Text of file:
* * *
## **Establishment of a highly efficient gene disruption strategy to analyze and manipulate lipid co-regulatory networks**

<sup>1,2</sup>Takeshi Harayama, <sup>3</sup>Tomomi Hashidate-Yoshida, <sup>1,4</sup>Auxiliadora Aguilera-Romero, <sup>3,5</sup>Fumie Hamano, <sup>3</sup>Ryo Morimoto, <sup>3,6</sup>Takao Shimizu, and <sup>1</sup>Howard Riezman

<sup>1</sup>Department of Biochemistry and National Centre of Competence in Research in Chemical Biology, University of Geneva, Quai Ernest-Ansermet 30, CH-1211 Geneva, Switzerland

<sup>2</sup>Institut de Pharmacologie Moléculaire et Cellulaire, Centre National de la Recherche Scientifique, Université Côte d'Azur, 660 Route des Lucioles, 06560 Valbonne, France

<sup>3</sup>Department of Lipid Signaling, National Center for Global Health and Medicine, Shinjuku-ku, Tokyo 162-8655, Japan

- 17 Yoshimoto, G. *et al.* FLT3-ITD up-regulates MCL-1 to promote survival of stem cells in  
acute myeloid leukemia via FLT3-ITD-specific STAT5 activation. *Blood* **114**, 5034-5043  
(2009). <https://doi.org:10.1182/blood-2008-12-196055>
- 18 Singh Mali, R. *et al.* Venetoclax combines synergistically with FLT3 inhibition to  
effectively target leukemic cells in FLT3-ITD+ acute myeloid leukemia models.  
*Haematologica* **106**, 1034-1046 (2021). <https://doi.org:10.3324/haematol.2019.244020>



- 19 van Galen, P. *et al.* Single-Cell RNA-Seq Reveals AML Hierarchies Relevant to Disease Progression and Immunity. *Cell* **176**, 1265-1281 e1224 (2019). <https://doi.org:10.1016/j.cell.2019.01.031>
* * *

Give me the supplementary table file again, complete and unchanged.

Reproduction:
## **Establishment of a highly efficient gene disruption strategy to analyze and manipulate lipid co-regulatory networks**

<sup>1,2</sup>Takeshi Harayama, <sup>3</sup>Tomomi Hashidate-Yoshida, <sup>1,4</sup>Auxiliadora Aguilera-Romero, <sup>3,5</sup>Fumie Hamano, <sup>3</sup>Ryo Morimoto, <sup>3,6</sup>Takao Shimizu, and <sup>1</sup>Howard Riezman

<sup>1</sup>Department of Biochemistry and National Centre of Competence in Research in Chemical Biology, University of Geneva, Quai Ernest-Ansermet 30, CH-1211 Geneva, Switzerland

<sup>2</sup>Institut de Pharmacologie Moléculaire et Cellulaire, Centre National de la Recherche Scientifique, Université Côte d'Azur, 660 Route des Lucioles, 06560 Valbonne, France

<sup>3</sup>Department of Lipid Signaling, National Center for Global Health and Medicine, Shinjuku-ku, Tokyo 162-8655, Japan

- 17 Yoshimoto, G. *et al.* FLT3-ITD up-regulates MCL-1 to promote survival of stem cells in  
acute myeloid leukemia via FLT3-ITD-specific STAT5 activation. *Blood* **114**, 5034-5043  
(2009). <https://doi.org:10.1182/blood-2008-12-196055>
- 18 Singh Mali, R. *et al.* Venetoclax combines synergistically with FLT3 inhibition to  
effectively target leukemic cells in FLT3-ITD+ acute myeloid leukemia models.  
*Haematologica* **106**, 1034-1046 (2021). <https://doi.org:10.3324/haematol.2019.244020>



- 19 van Galen, P. *et al.* Single-Cell RNA-Seq Reveals AML Hierarchies Relevant to Disease Progression and Immunity. *Cell* **176**, 1265-1281 e1224 (2019). <https://doi.org:10.1016/j.cell.2019.01.031>